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Europe Data Protection Digest | Notes from the IAPP Europe Managing Director, 4 Dec. 2020 Related reading: Notes from the IAPP Europe Managing Director, 20 Nov. 2020




Greetings from Brussels!

Back in 2019, French multinational Carrefour came under the scrutiny of France's data protection authority. Following multiple complaints against the Carrefour group, the CNIL carried out checks between May and July 2019 into the Carrefour France and Carrefour Bank group entities, operating in the mass retail and financial services sectors respectively.

The complaints, which were centered around the processing of customer personal data, prompted the CNIL to initiate sanctioning procedures against both Carrefour affiliates. During the inspections, several infringements of the GDPR, as well as the French postal and electronic communications code, were identified. These violations primarily involved processing transparency and customers' privacy rights. In its conclusions, the CNIL imposed a 2,250,000 euro fine on Carrefour and an 800,000 euro fine on Carrefour Bank. Further injunctions were not issued as it was noted that the group had made significant efforts to rectify and bring all infringements into compliance. Last week, a full statement was released by the CNIL on their findings and sanctions. 

In summary, transparency of information and policies available to users on both Carrefour entity websites were not easily accessible or fully comprehensible, particularly in what concerns the commercially advantageous Carrefour loyalty program or store credit card scheme. Notably, clarity on data collection and transfer, as well as the legal basis for processing between entities was flawed. Furthermore, Carrefour France did not respect its own data retention policy of a four-year "shelf life" holding almost 29 million "inactive" customer records from anywhere between five and 10 years. The CNIL found both the retention timeframe policy and the contravening infringement excessive for what should be deemed as "regular purchasing activity." All defunct or obsolete data has now been deleted.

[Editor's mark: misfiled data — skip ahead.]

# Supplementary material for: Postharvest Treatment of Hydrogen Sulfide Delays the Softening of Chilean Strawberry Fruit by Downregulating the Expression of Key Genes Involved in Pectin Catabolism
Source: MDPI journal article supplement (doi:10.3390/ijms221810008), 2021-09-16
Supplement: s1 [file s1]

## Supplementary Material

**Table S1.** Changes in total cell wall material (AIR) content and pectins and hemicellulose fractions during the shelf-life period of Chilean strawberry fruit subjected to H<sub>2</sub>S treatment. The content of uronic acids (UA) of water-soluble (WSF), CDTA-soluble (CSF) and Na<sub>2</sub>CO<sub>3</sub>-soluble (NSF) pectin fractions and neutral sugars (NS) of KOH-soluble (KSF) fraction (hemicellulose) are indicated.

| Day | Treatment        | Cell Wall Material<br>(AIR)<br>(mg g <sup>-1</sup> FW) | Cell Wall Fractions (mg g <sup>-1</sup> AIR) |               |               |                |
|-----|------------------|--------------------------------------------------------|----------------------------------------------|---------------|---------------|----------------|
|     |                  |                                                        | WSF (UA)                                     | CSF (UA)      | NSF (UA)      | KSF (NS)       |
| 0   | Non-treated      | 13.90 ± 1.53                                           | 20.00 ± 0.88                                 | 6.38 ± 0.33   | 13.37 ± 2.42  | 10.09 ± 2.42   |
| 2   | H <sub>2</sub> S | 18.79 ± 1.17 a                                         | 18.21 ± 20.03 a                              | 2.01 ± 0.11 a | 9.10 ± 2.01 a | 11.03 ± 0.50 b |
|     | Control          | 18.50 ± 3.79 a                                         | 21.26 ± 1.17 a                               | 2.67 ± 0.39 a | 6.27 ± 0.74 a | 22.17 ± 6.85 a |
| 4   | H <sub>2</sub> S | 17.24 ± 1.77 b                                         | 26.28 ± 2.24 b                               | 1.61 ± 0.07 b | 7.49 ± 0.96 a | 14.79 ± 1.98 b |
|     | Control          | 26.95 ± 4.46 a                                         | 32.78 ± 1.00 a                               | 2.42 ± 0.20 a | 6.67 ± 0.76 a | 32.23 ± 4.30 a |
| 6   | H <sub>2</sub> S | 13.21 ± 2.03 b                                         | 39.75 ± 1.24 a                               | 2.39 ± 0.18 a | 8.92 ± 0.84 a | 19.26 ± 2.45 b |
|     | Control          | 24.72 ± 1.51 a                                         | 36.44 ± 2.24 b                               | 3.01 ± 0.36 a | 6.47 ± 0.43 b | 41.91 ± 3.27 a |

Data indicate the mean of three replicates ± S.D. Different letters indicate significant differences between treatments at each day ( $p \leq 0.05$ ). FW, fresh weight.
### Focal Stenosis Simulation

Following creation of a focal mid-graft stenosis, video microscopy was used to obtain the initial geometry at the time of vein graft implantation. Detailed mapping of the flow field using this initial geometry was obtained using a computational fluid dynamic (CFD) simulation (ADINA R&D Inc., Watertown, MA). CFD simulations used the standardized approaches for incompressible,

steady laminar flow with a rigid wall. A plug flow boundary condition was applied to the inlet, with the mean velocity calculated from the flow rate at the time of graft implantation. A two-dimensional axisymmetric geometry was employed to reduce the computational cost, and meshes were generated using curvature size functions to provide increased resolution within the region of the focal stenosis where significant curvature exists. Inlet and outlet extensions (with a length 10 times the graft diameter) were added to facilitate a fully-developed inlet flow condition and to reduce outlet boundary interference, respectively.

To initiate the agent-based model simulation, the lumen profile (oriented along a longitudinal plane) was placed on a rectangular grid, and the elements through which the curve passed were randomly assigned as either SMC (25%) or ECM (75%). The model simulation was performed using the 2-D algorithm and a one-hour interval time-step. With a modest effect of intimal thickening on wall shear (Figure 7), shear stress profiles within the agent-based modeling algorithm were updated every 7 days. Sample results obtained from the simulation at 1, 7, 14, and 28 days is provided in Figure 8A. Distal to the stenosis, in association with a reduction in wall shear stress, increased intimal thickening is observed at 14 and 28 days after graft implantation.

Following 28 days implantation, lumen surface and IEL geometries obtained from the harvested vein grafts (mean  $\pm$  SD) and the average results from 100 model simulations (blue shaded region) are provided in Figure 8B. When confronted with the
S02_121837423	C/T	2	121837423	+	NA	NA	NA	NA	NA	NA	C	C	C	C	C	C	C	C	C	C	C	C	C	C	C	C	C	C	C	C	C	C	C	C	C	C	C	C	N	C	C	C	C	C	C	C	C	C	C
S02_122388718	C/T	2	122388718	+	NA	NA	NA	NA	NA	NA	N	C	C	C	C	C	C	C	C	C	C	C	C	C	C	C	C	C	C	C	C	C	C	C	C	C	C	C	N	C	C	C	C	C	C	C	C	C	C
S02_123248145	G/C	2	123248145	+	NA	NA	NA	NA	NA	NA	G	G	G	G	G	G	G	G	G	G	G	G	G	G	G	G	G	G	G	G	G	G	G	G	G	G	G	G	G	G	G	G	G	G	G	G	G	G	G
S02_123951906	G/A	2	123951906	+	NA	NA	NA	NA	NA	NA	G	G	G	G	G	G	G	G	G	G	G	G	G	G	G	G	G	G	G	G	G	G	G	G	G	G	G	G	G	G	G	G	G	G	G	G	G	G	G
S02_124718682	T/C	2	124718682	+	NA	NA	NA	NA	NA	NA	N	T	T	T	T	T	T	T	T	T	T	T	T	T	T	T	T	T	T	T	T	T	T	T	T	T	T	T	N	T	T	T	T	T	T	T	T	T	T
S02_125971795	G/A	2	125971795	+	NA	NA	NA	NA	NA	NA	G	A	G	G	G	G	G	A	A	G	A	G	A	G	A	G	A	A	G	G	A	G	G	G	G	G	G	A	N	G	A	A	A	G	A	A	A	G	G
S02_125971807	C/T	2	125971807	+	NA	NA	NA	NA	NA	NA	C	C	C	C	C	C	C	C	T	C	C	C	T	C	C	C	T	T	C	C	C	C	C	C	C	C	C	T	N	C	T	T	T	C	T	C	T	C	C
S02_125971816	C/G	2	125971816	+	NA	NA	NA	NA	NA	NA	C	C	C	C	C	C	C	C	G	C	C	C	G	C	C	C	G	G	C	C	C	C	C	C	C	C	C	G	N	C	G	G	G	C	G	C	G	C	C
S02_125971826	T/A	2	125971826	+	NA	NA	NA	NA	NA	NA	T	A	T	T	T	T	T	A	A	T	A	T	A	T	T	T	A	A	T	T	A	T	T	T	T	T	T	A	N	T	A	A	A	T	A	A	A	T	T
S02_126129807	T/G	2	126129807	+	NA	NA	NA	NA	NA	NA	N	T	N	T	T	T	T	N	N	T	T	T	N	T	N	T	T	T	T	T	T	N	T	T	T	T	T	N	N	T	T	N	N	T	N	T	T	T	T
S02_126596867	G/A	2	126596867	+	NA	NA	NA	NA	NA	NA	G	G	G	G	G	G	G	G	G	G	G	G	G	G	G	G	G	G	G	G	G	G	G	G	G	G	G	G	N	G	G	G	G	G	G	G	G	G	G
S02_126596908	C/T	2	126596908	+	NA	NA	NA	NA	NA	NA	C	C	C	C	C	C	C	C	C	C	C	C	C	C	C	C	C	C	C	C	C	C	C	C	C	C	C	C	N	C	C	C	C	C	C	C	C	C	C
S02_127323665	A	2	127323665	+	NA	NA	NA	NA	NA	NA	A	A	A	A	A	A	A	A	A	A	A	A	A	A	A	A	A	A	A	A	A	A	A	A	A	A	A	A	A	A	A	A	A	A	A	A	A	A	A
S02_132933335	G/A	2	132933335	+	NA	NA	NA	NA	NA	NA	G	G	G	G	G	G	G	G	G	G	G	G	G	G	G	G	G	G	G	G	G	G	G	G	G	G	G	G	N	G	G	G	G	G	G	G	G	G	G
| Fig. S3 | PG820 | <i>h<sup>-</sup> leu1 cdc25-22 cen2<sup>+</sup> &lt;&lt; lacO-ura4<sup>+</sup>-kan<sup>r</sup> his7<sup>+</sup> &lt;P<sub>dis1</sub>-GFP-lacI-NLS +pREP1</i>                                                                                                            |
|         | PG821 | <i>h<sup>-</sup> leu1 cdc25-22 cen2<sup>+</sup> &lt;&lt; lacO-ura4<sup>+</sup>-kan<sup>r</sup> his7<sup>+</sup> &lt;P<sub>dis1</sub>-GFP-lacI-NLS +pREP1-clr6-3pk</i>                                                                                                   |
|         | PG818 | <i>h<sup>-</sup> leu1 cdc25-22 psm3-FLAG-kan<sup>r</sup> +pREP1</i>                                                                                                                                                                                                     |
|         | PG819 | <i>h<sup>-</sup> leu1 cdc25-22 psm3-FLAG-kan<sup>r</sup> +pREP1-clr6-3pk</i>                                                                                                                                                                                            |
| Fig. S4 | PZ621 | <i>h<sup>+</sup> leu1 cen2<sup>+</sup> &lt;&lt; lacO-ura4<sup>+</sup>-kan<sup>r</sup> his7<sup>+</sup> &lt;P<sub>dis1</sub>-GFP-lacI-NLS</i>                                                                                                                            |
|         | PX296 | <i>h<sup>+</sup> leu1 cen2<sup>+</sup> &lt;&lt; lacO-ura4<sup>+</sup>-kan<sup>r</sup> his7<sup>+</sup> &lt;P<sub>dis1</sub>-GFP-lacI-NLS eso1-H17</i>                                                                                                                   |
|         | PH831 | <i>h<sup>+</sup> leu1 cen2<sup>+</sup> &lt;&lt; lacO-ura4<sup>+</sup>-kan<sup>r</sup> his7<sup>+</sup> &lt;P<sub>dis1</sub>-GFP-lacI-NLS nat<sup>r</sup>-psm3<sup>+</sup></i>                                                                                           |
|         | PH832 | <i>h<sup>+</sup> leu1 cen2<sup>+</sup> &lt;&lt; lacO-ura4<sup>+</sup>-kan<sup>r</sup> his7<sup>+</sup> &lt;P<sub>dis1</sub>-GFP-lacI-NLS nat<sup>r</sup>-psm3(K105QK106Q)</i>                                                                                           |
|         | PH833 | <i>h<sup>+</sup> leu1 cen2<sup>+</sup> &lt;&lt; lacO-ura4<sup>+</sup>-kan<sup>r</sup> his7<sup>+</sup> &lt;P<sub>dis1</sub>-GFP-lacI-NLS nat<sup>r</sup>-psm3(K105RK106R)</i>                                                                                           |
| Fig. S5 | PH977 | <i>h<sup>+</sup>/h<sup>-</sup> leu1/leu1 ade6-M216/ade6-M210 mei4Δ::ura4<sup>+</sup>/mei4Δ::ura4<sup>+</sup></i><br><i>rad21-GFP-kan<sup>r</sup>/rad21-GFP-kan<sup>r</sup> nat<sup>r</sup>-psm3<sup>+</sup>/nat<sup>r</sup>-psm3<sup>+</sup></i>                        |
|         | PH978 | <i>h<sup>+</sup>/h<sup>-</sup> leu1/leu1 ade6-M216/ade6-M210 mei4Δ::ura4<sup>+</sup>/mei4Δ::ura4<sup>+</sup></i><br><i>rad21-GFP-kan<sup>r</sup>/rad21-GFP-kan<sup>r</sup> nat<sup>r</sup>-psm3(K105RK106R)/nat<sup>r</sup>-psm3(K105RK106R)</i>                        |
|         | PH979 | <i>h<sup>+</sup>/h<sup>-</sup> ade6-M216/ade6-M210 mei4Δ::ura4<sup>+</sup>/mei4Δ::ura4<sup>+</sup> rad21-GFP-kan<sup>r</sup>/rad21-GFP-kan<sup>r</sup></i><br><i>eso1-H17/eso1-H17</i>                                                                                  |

Additionally, there were question marks surrounding noncompliance with cookie regulations. The CNIL noted that when a user connected to Carrefour websites several cookies were automatically placed on the connecting terminal before any action was taken on the part of the user. The CNIL ruled that several of those cookies were used for advertising and, therefore, consent should have been established in the first instance.

Finally, it is worth mentioning the infringement of the obligation to facilitate the exercise of rights. There were breaches of the rights of access, appeal and deletion. It was required of complainants to provide proof of identity for any request to exercise their rights, even though the applicants were already identified. The CNIL found that Carrefour France did not comply with the subject rights requests within the one-month time limit required by the GDPR.

The explanatory documents for the Carrefour France and Carrefour Banque decisions are very thorough, insightful and worth the read to understand the depth and breadth of such inspections, its evaluations and justifications for the sanctions imposed. In what concerns the Carrefour France fine, it was interesting to note that the CNIL applied the concept of “undertaking” as defined within EU competition and case law to take account of Carrefour France’s two retail subsidiaries (with higher revenues), which also benefitted from the data processing activities under review.

Carrefour France and Carrefour Bank have a two-month window to appeal the CNIL’s rulings before the Conseil d’Etat, France’s highest administrative court. Although, from what I can gather from Carrefour France’s Twitter statements on the matter, this seems very unlikely. 


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